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Thank you for the post and I am sorry to hear of your injuries and your troubles.
It would appear that your attorney is beginning to have significant concerns regarding the merits of the case and, perhaps, apprehension about trial. Slip and Fall cases are notoriously difficult and generally require that the defendant knew or should have known about the dangerous condition and performed insufficiently in their duty to remediate the situation.
That being said, attorneys' conduct is governed by the Rules of Ethics adopted in each state. For New Jersey, those ethical obligations are set forth at http://www.judiciary.state.nj.us/rules/apprpc.htm
Rule 1.4 addresses communication between attorney and client and, in your case, seems to be at issue. It states as follows:
RPC 1.4. Communication
(a) A lawyer shall fully inform a prospective client of how, when, and where the client may communicate with the lawyer.
(b) A lawyer shall keep a client reasonably informed about the status of a matter and promptly comply with reasonable requests for information.
(c) A lawyer shall explain a matter to the extent reasonably necessary to permit the client to make informed decisions regarding the representation.
(d) When a lawyer knows that a client expects assistance not permitted by the Rules of Professional Conduct or other law, the lawyer shall advise the client of the relevant limitations on the lawyer's conduct.
I would send a letter to the lawyer indicating that you are entitled to the information in your file and, if it is not provided, you will have to seek remedial measures. THose remedial measures may include filing a grievance.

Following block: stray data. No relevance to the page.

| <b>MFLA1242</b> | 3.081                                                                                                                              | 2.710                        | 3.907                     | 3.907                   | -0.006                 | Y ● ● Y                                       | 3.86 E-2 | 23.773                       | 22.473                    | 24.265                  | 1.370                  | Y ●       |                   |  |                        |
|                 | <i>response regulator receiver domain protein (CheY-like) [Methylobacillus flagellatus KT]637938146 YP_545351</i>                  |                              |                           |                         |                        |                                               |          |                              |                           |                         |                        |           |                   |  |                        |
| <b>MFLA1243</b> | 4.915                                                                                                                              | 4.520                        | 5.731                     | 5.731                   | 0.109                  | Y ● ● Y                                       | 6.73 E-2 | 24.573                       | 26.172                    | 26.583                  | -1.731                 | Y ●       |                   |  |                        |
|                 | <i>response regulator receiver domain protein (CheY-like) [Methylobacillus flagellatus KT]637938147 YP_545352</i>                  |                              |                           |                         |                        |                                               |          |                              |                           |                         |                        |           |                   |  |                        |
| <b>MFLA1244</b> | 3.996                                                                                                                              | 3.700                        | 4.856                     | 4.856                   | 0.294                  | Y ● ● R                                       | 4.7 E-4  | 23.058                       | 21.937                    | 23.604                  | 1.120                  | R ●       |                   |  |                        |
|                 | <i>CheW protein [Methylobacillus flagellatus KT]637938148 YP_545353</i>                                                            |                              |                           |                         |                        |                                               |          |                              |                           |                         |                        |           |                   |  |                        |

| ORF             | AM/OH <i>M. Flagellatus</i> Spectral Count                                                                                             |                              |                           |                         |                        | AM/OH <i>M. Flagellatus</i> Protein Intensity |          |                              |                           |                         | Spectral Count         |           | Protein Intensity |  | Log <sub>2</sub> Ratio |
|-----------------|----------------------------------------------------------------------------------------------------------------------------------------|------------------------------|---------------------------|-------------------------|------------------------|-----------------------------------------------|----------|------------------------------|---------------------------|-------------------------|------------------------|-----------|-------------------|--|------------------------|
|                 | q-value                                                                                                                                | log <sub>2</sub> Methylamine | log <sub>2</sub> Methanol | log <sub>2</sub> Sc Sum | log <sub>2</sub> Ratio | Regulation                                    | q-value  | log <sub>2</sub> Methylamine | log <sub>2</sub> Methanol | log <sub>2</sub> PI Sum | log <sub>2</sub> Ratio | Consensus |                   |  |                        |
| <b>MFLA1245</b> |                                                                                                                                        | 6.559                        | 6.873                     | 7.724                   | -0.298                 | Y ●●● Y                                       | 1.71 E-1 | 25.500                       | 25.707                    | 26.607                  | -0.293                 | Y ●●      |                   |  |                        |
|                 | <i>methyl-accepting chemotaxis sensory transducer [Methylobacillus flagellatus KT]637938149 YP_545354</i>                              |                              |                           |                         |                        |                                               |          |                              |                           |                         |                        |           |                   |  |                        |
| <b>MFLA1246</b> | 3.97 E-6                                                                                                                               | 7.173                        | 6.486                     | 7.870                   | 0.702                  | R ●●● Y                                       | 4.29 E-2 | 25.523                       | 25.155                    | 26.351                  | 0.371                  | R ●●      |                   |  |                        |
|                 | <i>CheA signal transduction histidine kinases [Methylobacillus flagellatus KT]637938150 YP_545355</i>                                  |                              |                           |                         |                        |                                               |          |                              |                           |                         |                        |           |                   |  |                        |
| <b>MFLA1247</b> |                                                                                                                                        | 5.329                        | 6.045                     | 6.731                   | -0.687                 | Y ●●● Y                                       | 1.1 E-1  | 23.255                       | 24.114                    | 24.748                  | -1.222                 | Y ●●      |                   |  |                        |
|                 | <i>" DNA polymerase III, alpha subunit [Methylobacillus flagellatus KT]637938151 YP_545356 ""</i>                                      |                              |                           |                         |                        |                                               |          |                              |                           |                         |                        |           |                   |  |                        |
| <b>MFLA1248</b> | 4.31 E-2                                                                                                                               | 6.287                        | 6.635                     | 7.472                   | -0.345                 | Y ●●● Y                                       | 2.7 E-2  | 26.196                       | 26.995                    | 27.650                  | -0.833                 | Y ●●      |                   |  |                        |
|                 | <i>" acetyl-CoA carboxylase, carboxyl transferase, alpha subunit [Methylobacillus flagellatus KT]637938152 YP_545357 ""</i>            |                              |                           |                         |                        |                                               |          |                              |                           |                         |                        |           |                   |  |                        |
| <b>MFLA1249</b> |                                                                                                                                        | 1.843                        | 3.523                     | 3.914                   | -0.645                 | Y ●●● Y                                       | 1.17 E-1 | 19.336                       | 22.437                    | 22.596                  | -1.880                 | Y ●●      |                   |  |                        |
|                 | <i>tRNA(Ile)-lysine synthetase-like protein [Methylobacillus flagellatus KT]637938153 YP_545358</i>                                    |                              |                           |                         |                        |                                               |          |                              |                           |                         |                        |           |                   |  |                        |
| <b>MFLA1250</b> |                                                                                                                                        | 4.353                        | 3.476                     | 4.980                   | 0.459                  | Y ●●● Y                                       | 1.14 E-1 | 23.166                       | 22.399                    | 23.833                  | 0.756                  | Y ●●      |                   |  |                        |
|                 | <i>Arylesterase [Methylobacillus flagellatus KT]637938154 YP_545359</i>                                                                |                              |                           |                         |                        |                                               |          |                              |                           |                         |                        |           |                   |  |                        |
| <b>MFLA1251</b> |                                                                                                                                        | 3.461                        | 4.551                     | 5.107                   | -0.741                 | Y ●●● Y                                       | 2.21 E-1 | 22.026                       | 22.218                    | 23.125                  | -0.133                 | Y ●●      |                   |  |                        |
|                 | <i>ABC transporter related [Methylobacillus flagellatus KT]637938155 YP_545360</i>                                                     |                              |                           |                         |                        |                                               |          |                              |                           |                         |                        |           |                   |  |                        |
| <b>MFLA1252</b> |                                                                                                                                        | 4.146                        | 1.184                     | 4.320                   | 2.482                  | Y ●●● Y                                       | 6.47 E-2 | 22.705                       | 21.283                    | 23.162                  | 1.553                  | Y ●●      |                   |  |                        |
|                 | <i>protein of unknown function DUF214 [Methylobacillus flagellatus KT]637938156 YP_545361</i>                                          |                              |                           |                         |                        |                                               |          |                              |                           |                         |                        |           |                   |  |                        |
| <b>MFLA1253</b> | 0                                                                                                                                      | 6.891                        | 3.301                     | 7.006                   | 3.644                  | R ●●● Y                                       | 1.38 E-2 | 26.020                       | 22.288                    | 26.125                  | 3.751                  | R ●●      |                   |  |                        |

In New Jersey, by Supreme Court rule, all grievances must be in writing and filed with the secretary of the district ethics committee for the district in which the lawyer has his or her main law office. Because there are currently 17 district ethics committees throughout the state, you are advised to telephone the Ethics/Fee Arbitration Hotline at 1-(800)-406-8594. After you enter the zip code of the attorney's office address, you will be transferred to the appropriate district ethics committee Secretary to request grievance forms. If you have Adobe Acrobat Reader, you may print an Attorney Grievance Form. Send the original and two (2) copies to the district secretary where the attorney has an office for practice.
When you complete and file an Attorney Grievance Form, you must provide sufficient detail about the facts of your grievance such as names and addresses of all witnesses, dates, and pertinent documentation to serve as a basis for further investigation. Failure to provide important facts and copies of important documents may result in a delay in the consideration of the grievance while the documentation is obtained.
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I am afraid I cannot create new ways to resolve dispuites. I can only provide information as to the ways that are available.
I understand the time constraint. That is why I suggested above as follows: "I would send a letter to the lawyer indicating that you are entitled to the information in your file and, if it is not provided, you will have to seek remedial measures. Those remedial measures may include filing a grievance."
Attorneys are often highly sensitive to potential complaints and would very rapidly respond.
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